“Mr. Watson, Come Here…”
Alexander Graham Bell was born in 1847 in Scotland and grew up in England. His grandfather and father earned famed as teachers of the deaf, and Alexander likewise followed this career, continuing in it after the family immigrated to Canada in 1870. In 1872, Alexander Graham Bell became a professor of vocal physiology at Boston University. His profound interest in the nature of speech and sound was combined with a knack for things mechanical, and he began working on a device to record sound waves graphically in order to show his deaf students what they could not hear. Simultaneously, Bell was also trying to develop what he called the harmonic telegraph, a device capable of transmitting multiple telegraph messages simultaneously over a single line.
About 1874, the two inventions suddenly merged in his mind. Bell wrote in his notebook that if he could “make a current of electricity vary in intensity precisely as the air varies in density during the production of sound,” he could “transmit speech telegraphically.”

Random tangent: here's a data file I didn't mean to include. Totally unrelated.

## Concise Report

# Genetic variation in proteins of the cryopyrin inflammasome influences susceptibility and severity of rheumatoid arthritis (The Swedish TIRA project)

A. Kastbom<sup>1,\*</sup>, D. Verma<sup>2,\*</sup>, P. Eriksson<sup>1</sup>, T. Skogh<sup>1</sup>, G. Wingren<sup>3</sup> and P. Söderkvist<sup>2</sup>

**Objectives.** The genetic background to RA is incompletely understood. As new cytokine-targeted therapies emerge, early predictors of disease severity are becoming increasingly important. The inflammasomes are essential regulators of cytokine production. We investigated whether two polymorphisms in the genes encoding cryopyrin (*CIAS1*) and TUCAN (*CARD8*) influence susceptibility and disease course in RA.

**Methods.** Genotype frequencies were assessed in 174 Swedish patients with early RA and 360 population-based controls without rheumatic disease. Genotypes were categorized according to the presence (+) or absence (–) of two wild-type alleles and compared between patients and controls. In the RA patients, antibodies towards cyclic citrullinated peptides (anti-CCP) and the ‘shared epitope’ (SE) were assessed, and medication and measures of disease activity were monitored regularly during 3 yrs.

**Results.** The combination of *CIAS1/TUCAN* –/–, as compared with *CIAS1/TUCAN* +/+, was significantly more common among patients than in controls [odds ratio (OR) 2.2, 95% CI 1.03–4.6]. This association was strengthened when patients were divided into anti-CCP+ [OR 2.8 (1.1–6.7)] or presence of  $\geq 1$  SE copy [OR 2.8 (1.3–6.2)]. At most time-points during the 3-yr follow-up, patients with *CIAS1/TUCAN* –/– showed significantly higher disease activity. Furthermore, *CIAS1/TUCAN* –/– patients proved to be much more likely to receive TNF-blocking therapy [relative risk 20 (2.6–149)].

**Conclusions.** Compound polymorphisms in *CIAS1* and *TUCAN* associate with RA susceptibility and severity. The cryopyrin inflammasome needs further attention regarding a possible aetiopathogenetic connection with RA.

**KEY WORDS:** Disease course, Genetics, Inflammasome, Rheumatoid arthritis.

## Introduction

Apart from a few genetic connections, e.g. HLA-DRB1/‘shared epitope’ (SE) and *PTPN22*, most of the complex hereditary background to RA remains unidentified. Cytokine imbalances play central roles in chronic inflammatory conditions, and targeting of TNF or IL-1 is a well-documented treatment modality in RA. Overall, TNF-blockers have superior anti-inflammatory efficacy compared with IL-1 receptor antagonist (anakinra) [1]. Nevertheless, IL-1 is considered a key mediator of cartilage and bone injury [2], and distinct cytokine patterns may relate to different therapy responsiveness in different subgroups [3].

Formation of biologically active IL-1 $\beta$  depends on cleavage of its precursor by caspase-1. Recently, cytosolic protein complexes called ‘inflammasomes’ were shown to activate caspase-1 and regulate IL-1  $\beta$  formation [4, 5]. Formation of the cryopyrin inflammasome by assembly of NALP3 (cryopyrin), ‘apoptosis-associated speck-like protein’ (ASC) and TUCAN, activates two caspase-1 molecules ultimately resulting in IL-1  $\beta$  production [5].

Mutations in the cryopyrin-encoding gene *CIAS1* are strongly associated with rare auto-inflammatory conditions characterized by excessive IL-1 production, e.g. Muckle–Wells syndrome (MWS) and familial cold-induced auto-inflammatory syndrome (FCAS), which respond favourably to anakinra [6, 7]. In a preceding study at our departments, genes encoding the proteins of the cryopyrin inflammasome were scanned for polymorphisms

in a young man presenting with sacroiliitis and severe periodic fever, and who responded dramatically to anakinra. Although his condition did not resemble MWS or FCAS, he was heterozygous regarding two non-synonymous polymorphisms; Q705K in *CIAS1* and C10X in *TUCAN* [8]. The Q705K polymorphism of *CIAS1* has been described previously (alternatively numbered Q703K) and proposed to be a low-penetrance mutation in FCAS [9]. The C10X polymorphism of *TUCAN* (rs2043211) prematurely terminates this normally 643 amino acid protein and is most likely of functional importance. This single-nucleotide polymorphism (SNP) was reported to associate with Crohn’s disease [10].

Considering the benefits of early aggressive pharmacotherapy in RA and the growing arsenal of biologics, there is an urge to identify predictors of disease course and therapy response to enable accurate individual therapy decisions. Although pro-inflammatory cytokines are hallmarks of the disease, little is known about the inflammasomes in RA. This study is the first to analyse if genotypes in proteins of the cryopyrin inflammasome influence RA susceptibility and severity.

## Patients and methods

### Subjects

The insight was staggering: Convert one form of intelligible energy (sound) into another (modulated electric current). With his tireless assistant, Thomas Watson, Bell worked on the device for the next two frustrating years. One day, in 1876, while Watson maintained what he thought would be another fruitless vigil by the receiver unit in the next room, Bell made adjustments to the transmitter. In the process, Bell upset a container of battery acid, which spilled on his lap. Burned by the acid, he inadvertently made the world’s first phone call—a call for help: “Mr. Watson, come here, I want you.” The telephone caught on quickly, and the Bell Telephone Company, founded by Alexander’s father-in-law, Gardner G. Hubbard, became a utility of vast proportions and incalculable importance.